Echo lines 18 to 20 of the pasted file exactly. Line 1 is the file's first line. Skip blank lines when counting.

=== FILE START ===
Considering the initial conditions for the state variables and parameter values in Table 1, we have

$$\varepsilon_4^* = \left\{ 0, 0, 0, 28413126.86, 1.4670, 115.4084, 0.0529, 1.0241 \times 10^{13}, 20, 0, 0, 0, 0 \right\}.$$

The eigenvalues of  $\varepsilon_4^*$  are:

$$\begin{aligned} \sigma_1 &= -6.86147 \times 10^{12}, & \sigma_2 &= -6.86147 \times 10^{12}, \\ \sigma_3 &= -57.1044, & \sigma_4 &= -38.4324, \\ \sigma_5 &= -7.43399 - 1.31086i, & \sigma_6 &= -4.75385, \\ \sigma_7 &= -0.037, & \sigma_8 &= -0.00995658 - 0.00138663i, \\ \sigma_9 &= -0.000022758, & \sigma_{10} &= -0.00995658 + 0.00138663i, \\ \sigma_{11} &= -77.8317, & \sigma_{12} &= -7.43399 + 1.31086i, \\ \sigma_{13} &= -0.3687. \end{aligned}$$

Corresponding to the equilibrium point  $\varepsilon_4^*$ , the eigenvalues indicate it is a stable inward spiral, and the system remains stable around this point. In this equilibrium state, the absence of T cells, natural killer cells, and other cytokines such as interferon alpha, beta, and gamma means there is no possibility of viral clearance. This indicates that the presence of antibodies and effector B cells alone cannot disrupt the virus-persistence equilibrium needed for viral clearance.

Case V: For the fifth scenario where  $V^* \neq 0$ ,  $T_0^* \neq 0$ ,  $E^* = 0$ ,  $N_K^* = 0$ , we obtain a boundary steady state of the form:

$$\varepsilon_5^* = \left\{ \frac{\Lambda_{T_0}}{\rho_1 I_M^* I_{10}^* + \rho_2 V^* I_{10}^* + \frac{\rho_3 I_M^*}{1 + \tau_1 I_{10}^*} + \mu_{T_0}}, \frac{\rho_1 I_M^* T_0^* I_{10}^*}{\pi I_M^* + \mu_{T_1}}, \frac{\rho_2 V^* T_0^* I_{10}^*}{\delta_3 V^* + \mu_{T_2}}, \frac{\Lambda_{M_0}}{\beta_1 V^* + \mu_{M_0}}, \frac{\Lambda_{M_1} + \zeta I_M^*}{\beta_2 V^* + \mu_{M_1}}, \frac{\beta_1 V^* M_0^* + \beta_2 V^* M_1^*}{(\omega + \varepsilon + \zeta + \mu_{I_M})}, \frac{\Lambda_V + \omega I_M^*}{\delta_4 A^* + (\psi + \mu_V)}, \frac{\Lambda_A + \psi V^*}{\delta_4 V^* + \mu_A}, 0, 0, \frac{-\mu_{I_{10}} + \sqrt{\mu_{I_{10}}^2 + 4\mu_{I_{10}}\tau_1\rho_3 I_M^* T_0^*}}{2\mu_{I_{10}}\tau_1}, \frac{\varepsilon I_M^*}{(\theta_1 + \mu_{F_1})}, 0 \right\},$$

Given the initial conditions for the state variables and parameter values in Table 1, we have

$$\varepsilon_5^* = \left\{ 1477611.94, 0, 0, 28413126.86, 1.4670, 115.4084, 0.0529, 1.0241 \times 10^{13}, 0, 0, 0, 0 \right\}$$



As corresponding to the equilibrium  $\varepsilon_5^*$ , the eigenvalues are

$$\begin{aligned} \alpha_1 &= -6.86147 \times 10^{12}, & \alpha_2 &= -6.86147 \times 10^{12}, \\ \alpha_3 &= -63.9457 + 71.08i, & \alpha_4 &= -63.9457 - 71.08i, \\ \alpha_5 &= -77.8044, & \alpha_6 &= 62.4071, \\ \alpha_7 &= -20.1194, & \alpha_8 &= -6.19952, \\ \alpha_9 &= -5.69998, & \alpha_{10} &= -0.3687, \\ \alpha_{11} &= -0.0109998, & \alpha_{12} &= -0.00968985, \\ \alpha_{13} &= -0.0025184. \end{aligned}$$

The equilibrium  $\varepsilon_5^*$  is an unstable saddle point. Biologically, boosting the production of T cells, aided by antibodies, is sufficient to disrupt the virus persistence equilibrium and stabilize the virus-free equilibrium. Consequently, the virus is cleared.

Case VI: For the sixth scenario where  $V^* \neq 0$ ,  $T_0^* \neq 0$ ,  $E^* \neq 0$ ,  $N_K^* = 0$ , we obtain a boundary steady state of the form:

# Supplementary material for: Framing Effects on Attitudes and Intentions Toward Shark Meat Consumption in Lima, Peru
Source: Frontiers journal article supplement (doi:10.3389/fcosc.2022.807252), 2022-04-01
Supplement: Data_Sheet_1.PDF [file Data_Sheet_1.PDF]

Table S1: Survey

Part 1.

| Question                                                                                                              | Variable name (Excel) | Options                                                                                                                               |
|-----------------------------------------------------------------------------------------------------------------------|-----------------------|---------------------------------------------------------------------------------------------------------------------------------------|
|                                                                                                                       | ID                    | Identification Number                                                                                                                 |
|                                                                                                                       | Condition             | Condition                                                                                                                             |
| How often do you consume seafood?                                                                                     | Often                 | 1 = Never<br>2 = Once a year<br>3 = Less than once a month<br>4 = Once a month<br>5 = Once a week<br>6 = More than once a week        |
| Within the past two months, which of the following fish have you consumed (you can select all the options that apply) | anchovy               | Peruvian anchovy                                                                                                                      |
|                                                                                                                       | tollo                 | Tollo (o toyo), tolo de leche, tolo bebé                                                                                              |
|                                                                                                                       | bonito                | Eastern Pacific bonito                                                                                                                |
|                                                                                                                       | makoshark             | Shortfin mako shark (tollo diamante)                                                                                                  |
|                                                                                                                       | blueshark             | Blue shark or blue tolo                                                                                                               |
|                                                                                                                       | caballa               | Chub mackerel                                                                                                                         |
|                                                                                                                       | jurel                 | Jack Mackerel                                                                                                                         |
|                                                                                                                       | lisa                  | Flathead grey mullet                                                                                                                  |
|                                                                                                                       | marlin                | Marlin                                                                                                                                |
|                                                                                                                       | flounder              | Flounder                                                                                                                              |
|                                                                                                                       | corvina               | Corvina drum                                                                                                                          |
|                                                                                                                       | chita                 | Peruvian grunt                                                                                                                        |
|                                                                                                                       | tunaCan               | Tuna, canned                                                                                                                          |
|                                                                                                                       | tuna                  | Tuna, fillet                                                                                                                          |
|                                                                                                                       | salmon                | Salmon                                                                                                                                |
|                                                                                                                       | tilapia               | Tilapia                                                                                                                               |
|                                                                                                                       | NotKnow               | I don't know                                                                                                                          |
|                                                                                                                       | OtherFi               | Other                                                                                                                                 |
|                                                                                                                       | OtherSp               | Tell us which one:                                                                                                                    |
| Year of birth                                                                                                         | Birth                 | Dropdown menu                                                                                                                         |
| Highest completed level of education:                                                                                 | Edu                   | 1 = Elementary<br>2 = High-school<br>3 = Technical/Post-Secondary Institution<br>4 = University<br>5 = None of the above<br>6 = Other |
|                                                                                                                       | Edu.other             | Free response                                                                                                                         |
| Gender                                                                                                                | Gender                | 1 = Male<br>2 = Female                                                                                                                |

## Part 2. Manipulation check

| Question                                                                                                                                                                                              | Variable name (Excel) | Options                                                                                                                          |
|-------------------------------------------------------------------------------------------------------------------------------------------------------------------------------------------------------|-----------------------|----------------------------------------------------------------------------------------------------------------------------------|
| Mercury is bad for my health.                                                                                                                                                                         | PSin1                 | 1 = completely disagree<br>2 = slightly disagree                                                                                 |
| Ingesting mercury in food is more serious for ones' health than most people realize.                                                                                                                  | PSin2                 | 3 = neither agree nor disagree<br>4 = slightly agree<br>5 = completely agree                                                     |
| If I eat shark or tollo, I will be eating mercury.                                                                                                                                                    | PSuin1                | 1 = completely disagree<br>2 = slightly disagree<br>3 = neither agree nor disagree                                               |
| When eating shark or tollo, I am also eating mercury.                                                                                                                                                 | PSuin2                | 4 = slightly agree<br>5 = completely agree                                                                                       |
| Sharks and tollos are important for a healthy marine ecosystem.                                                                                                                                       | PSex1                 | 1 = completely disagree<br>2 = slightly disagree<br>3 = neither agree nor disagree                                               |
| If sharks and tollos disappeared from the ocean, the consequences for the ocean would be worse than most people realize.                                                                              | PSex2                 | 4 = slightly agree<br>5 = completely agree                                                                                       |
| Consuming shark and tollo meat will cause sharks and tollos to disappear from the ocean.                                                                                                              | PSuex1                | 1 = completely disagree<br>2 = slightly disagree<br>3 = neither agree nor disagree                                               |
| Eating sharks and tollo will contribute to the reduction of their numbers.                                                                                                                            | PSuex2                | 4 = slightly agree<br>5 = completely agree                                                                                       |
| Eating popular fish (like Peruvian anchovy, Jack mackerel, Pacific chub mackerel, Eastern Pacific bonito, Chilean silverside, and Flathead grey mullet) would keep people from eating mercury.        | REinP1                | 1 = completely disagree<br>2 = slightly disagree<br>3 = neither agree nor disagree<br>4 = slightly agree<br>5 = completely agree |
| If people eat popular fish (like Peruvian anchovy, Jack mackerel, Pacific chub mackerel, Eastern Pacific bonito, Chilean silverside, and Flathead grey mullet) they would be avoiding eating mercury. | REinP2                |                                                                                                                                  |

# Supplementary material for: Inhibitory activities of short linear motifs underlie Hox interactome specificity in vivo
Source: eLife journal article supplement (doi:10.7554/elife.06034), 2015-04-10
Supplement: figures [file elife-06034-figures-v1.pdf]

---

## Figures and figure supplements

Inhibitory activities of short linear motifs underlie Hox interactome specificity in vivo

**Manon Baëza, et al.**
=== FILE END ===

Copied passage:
Part 1.

| Question                                                                                                              | Variable name (Excel) | Options                                                                                                                               |
|-----------------------------------------------------------------------------------------------------------------------|-----------------------|---------------------------------------------------------------------------------------------------------------------------------------|